The problem with github
From the 'Ok, maybe Kernel.org is better for Linux' files:
Earlier this week, I blogged about my hope for Linux moving permanently to Github. I'm a huge fan of github and it works well for me and tens of thousands of others.
But as it turns out, it doesn't work out to be the best choice for Linux kernel development.
This week, Linus Torvalds has already posted multiple messages to LKML which show the problems with Github as it currently exists.
"Guys, when using some general git hosting site, I really want some proof that you are you. Not just a "please pull"," Torvalds wrote. "
Tell me *why* I should believe that this is a real pull request from the proper source. Otherwise I'll just wait until kernel.org is back to life, where random people can't just create repositories and send email."
That's a problem isn't it?
Github's great strength is that it has no barriers to entry. But that strength is also a risk when you can't verify authenticity of ownership. Yes there are solutions.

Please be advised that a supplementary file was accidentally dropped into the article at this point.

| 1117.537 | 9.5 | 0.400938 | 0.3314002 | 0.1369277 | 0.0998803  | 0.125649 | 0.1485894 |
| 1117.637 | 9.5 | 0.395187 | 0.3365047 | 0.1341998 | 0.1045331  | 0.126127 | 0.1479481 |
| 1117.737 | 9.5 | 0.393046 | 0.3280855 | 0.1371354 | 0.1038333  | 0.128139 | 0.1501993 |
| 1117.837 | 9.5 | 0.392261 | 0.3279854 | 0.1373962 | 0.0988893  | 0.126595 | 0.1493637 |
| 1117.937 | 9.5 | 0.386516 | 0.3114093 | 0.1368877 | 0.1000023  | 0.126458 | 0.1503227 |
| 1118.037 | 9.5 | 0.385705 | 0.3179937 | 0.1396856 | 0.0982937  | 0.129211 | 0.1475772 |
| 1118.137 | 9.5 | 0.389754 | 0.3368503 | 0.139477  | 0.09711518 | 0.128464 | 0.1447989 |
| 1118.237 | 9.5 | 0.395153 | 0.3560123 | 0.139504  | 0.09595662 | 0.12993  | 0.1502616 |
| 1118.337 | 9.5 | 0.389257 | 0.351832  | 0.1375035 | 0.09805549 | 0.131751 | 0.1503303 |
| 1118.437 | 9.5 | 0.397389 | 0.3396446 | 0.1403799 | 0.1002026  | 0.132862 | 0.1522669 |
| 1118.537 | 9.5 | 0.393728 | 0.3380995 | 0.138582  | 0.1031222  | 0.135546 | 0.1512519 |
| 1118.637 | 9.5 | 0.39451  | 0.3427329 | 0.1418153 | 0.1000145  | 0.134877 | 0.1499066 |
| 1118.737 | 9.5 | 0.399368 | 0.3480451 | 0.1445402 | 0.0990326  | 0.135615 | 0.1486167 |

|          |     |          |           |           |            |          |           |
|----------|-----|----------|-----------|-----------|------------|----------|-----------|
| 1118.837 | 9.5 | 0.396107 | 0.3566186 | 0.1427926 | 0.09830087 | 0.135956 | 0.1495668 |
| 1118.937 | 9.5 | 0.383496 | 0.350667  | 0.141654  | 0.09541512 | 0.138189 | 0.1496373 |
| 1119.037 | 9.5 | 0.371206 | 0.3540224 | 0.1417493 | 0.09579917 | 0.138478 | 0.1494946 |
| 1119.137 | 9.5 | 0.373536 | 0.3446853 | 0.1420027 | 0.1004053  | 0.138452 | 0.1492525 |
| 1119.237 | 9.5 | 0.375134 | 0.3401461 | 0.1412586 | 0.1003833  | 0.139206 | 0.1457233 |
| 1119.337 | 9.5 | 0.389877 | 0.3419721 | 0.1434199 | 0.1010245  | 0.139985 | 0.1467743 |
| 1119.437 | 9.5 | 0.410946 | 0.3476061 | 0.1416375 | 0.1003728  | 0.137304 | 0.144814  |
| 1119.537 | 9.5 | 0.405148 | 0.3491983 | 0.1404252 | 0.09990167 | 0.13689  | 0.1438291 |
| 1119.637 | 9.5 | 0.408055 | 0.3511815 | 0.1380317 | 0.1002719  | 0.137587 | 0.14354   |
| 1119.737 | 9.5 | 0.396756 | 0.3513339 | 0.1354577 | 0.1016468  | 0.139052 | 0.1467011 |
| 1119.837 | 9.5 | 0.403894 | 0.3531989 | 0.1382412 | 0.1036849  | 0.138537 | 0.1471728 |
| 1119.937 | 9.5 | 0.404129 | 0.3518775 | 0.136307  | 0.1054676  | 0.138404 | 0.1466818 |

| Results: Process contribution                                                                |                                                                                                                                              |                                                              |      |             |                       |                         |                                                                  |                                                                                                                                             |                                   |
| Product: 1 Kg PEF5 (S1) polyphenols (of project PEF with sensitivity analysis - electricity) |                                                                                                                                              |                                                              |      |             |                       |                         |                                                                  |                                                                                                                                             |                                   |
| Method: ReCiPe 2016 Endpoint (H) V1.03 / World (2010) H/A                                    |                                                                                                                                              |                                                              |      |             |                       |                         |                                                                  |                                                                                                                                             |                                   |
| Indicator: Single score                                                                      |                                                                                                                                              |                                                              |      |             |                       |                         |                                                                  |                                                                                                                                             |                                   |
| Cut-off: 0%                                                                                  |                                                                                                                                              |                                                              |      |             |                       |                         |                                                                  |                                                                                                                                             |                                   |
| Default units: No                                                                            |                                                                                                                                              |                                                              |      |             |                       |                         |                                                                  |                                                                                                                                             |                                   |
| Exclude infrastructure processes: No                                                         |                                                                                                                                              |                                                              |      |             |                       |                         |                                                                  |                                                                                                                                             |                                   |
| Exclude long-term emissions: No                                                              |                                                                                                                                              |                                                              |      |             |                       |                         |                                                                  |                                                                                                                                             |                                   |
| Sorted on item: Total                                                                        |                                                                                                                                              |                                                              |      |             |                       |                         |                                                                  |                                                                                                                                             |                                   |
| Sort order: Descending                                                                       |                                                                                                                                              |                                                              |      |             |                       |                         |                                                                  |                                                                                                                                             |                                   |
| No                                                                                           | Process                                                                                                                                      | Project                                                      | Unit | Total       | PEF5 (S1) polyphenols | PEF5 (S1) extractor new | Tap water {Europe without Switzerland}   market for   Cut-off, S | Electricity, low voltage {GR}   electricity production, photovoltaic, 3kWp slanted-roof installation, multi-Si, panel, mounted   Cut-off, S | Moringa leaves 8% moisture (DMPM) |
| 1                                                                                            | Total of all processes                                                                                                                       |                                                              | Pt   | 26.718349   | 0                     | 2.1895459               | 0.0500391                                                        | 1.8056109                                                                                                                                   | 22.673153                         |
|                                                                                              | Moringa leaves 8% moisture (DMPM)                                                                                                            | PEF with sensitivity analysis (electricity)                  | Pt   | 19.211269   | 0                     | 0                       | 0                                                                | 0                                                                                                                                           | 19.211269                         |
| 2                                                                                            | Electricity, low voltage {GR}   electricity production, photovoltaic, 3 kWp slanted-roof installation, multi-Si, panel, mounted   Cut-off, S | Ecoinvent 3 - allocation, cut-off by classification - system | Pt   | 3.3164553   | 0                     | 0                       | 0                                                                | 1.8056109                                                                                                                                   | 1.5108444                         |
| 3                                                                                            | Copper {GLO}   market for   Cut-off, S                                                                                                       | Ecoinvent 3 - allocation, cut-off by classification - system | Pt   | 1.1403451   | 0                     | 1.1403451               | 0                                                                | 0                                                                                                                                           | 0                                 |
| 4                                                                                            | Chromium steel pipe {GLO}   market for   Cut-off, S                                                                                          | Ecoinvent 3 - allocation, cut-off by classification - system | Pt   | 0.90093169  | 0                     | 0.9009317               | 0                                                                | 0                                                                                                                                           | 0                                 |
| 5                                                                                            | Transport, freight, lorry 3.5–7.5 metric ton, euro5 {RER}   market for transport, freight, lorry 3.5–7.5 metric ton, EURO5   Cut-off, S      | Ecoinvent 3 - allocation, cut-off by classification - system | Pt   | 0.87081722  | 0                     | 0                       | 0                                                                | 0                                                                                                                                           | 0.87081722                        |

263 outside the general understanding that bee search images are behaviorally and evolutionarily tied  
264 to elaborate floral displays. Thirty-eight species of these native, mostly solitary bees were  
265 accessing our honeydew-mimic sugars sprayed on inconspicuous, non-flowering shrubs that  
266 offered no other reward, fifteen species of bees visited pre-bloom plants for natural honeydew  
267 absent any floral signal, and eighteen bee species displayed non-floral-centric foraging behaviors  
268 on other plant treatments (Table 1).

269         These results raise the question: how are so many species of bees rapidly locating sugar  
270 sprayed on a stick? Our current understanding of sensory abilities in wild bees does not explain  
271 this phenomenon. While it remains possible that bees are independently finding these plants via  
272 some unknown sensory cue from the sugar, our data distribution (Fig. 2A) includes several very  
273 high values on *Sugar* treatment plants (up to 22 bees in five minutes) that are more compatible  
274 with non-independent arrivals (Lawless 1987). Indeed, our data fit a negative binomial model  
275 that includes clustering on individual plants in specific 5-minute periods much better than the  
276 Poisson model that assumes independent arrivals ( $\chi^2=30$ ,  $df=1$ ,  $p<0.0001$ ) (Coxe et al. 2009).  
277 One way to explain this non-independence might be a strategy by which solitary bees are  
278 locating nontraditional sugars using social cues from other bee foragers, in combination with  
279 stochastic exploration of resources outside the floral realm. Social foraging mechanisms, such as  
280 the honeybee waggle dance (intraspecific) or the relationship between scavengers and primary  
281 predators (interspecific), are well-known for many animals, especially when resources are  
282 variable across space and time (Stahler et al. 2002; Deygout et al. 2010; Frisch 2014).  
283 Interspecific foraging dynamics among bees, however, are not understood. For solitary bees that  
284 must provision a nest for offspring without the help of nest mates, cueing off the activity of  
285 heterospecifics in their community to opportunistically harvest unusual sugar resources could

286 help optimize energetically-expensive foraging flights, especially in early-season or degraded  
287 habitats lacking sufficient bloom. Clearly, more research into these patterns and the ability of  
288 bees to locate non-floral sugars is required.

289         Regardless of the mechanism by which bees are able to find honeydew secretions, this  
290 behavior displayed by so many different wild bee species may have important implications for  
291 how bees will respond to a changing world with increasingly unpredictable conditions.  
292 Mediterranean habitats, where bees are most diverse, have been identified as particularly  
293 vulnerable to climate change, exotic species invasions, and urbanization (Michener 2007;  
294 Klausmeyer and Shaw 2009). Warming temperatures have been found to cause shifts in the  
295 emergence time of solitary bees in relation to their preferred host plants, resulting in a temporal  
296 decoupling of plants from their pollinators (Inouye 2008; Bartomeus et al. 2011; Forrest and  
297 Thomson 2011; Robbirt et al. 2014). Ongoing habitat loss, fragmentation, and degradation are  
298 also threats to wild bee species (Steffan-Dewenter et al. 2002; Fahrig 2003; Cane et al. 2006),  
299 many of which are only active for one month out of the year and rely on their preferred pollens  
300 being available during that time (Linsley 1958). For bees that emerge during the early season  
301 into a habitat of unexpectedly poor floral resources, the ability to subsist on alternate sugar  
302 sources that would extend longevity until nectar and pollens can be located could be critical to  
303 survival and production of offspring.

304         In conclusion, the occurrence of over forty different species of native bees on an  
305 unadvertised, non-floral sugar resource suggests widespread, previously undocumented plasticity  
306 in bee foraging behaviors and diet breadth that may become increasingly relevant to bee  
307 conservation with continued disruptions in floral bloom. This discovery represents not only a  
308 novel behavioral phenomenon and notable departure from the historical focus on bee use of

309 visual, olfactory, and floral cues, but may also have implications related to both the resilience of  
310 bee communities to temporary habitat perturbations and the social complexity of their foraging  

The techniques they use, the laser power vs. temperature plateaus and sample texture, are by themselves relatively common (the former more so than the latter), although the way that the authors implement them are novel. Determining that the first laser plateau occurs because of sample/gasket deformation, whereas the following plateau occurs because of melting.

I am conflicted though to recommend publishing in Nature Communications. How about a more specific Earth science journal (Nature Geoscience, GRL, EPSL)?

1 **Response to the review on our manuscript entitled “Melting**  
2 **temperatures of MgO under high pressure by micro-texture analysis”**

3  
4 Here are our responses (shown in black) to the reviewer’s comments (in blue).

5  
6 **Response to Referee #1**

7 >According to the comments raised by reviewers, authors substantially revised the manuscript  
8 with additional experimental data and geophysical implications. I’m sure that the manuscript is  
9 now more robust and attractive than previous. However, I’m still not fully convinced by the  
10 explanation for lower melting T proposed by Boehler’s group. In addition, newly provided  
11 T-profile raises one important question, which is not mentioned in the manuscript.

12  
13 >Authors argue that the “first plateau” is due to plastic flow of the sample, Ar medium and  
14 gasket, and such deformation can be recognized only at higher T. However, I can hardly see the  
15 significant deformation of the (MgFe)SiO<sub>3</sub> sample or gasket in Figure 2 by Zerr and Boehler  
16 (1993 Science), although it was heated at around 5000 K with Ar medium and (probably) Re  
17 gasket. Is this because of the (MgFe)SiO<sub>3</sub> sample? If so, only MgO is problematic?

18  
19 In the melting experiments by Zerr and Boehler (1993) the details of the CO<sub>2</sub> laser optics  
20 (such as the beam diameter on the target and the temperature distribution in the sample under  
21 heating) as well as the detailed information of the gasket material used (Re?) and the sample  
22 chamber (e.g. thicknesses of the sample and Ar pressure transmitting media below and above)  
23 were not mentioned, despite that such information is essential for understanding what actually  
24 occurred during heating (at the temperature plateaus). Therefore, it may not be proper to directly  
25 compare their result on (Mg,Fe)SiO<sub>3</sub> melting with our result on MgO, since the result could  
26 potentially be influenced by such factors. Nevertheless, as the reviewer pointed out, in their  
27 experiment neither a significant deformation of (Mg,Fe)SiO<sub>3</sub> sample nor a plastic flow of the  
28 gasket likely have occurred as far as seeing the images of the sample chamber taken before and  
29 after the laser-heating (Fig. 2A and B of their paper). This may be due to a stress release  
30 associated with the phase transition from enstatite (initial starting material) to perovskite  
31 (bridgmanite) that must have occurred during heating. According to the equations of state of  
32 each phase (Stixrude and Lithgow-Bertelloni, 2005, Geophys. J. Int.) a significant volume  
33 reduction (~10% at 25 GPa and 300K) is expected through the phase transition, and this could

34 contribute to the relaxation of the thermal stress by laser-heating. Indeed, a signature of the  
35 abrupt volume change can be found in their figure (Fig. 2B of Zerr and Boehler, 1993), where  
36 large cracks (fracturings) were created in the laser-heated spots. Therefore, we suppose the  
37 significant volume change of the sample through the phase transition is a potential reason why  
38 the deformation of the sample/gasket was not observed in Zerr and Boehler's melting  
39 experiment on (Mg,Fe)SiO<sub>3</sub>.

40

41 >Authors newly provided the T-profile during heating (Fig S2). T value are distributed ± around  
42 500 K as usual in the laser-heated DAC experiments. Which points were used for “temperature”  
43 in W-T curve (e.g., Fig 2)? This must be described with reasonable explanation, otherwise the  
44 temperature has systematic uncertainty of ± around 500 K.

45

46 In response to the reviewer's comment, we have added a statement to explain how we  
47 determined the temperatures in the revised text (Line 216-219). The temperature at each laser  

Sure github could enforce some kind of crypto signature setup or other common type of identity authentication, it's not that hard. I suppose this is a time-based problem.
If kernel.org service is restored in the next week, I suspect Torvalds will move back to kernel.org without hesitation. But what happens if it's a month?
I have no doubt that the longer the kernel.org outage persists, the more likely Torvalds (or someone else) will create solutions that solve the github problems. In a system where anyone can build a tree, trust does take time.